In France many teachers have grown accustomed to earning between 15 and 22€ an hour net.
Frankly, I don't know why anyone "speaks in Brut" (before taxes). Hiring managers at language schools "speak in Brut." Many teachers I know "speak in Brut." At the interview, they give you the Brut hourly wage and hope you don't bring up Net (after taxes). Friends: what's the point of "thinking in Brut" if you don't pocket that sum?
Below, I walk you through how much you are worth as a non-independent and calculate the minimum price you could charge a language school once you become an independent.
- Look at the bottom of one of your monthly Bulletin de Paie (pay stub) at your Net pay (Net a Payer).
- Find your Total Brut pay, in bold.
- Look at the right-hand column. It should be called: Charges Patronales. At the bottom of the column, in bold, you'll find the total charges patronales. This is a tax your employer pays to have you on staff.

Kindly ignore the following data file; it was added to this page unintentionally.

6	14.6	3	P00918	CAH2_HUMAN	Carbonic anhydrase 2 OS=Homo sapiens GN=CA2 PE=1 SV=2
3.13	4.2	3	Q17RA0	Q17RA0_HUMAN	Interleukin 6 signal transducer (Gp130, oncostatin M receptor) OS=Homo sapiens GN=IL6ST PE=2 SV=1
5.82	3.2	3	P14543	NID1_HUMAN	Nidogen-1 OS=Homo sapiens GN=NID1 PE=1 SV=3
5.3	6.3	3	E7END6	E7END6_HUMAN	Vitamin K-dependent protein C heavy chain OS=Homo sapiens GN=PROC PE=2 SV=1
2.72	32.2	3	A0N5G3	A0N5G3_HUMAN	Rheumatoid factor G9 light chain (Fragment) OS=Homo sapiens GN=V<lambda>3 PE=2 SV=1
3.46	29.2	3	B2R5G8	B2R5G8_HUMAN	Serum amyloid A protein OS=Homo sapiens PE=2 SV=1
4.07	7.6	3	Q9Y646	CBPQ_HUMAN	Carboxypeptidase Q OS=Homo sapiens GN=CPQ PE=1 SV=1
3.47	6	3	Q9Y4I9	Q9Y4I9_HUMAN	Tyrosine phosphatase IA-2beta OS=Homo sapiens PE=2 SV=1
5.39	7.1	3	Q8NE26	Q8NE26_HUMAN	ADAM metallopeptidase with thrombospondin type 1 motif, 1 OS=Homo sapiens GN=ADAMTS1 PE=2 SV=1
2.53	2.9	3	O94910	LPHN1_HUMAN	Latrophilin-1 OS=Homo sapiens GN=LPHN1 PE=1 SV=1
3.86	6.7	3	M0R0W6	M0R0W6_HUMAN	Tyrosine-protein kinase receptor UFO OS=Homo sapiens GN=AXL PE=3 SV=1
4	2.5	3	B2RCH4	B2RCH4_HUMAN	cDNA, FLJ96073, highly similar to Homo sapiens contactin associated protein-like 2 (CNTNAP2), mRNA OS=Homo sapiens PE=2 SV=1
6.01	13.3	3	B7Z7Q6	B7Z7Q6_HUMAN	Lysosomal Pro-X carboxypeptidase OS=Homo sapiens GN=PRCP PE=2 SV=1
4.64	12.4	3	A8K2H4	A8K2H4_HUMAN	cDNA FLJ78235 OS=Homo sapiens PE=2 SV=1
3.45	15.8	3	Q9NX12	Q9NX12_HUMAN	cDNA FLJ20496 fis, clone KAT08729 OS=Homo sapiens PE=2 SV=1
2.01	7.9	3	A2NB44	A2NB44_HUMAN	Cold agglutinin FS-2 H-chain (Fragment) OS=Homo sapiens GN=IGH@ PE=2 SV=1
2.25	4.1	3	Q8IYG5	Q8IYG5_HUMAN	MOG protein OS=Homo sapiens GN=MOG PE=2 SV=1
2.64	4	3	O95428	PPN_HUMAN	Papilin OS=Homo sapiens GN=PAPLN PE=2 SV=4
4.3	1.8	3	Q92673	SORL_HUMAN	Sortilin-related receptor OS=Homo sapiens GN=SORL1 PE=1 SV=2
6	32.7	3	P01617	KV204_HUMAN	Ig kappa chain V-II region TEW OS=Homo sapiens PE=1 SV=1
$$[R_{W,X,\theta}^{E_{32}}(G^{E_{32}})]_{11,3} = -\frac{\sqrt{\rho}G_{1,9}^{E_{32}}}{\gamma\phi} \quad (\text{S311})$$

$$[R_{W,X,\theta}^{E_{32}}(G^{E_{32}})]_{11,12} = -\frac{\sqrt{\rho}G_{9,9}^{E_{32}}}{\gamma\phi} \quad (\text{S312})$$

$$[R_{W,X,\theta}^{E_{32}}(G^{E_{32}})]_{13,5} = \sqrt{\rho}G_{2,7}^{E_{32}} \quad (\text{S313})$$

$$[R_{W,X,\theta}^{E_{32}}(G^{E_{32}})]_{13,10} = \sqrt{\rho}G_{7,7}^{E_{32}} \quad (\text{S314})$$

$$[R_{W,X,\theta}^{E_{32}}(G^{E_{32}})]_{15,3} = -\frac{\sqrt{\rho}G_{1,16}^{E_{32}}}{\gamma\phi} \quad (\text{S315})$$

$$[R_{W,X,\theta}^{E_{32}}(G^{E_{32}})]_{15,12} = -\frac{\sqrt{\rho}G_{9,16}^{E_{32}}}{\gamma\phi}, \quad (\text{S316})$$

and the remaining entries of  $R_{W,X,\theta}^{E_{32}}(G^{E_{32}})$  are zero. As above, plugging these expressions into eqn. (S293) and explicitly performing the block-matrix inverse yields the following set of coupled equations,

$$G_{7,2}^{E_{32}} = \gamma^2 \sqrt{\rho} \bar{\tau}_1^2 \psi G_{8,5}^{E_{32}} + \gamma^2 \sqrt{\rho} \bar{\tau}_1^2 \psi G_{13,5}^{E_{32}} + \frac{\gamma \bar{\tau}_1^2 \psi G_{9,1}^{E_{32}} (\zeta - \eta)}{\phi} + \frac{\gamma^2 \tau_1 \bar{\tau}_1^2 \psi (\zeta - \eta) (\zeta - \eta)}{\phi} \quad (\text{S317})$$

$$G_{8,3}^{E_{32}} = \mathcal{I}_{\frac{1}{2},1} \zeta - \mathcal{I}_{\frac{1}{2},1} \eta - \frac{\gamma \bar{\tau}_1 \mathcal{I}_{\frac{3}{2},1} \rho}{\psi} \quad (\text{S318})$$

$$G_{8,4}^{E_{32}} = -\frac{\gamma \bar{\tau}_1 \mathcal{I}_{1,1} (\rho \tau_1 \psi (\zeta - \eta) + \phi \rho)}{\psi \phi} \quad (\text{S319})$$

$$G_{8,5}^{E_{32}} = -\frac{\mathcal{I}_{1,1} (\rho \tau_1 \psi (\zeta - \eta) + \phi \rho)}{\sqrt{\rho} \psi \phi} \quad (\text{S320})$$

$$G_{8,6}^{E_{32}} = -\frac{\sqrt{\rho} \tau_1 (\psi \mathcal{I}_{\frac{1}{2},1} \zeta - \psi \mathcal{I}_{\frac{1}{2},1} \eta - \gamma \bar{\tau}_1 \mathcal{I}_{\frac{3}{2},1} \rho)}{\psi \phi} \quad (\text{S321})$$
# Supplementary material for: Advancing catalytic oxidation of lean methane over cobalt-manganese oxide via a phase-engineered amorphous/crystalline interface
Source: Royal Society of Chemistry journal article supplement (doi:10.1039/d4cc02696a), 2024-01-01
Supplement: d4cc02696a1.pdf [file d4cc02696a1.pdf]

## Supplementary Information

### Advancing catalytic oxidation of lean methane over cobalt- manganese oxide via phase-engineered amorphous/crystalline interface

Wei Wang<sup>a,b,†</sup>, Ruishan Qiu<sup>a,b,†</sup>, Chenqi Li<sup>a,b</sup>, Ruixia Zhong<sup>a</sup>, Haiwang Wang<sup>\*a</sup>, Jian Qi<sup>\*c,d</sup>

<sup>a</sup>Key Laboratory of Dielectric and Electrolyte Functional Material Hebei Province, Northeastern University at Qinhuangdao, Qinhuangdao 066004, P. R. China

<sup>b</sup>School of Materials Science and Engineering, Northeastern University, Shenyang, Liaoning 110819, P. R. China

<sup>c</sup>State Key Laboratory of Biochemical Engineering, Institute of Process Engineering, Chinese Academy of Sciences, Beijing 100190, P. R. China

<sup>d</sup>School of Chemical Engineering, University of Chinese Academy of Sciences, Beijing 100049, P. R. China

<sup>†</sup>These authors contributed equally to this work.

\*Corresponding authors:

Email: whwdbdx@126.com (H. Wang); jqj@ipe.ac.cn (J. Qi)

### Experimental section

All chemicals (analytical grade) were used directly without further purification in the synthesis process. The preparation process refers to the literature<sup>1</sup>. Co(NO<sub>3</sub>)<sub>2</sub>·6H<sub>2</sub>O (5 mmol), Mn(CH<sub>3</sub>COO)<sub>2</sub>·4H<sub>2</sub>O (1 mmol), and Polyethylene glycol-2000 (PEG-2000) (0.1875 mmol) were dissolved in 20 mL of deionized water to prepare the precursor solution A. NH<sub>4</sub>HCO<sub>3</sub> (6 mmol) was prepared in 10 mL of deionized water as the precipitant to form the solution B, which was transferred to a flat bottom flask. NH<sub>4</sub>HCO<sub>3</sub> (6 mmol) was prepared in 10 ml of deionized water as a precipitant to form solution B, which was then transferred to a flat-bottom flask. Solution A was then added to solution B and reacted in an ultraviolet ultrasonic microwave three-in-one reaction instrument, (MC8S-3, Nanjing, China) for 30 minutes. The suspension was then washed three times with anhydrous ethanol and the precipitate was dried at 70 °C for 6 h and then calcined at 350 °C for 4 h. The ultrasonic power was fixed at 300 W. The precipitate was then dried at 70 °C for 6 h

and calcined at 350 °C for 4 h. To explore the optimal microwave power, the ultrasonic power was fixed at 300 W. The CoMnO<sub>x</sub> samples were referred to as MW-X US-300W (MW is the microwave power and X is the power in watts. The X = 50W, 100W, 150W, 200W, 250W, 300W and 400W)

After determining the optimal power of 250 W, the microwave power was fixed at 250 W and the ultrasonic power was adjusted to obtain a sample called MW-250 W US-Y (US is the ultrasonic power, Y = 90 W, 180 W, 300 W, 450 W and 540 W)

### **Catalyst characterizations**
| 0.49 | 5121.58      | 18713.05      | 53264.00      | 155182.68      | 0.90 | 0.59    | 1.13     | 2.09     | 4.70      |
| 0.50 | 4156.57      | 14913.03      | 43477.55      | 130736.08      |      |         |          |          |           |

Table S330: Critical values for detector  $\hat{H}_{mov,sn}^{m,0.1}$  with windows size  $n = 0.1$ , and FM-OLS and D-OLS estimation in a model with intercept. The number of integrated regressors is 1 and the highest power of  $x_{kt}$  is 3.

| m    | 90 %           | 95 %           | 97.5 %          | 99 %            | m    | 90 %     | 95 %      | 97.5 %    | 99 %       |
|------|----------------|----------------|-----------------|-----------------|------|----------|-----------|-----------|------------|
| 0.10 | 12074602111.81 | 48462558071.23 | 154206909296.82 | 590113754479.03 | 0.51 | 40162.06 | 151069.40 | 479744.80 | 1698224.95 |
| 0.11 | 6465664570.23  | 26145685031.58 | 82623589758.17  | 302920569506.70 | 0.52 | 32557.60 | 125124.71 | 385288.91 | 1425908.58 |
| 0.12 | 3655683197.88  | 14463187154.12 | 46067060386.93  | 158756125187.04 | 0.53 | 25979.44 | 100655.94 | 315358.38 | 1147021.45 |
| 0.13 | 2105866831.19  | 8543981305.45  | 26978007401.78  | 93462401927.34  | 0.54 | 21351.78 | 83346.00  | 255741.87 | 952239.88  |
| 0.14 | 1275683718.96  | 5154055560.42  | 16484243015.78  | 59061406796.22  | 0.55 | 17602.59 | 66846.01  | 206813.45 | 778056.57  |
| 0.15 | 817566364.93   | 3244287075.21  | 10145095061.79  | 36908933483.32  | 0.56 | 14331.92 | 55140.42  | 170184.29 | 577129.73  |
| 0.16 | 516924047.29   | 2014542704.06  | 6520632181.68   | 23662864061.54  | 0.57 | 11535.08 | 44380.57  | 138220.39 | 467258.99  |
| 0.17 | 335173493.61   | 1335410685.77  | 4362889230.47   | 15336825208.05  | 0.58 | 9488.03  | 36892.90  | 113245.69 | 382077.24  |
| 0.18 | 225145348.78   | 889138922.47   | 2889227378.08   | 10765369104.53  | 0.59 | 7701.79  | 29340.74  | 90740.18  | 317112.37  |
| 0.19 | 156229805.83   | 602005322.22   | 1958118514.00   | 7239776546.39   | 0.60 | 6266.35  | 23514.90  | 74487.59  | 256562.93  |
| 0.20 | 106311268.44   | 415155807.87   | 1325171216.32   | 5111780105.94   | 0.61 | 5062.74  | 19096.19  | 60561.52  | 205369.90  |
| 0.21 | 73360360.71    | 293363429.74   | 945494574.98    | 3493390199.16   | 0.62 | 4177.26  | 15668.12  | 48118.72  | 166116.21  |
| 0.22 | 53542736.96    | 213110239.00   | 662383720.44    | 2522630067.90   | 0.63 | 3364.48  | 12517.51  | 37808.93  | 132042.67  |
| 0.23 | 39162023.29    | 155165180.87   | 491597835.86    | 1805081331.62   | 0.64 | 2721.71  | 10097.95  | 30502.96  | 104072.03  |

- Add the Charges Patronales to the Total Brut.
- Divide the total by the number of hours you worked that month.
- The result is how much you are worth, per hour, for that language establishment.
- One month, as a CDII teacher, I clocked in 41 hours at a language school.
- I was paid 714.82 € Net (17.43€ / hr)
- My Brut pay was 918.40 €
- The Charges Patronales was 394.81 €
- 918.40 € + 394.81 € = 1313.21€
- 1313.21€ ÷ 41 hours = 32.03€ / hr
When calculating your hourly rate, it's usually best to be conservative and assume that 37% goes towards charges and taxes. So with the above pay, I made 20€ as an independent instead of 17.43€. That's still pretty low if we calculate the time it takes to do all the paperwork, the billing, the pay chase and the other nitty gritty.
In a future post, I'll go into why time really is money for an independent teacher in France.
But at least you can now look at your Bulletin de Paie with a informed eye and charge full steam ahead.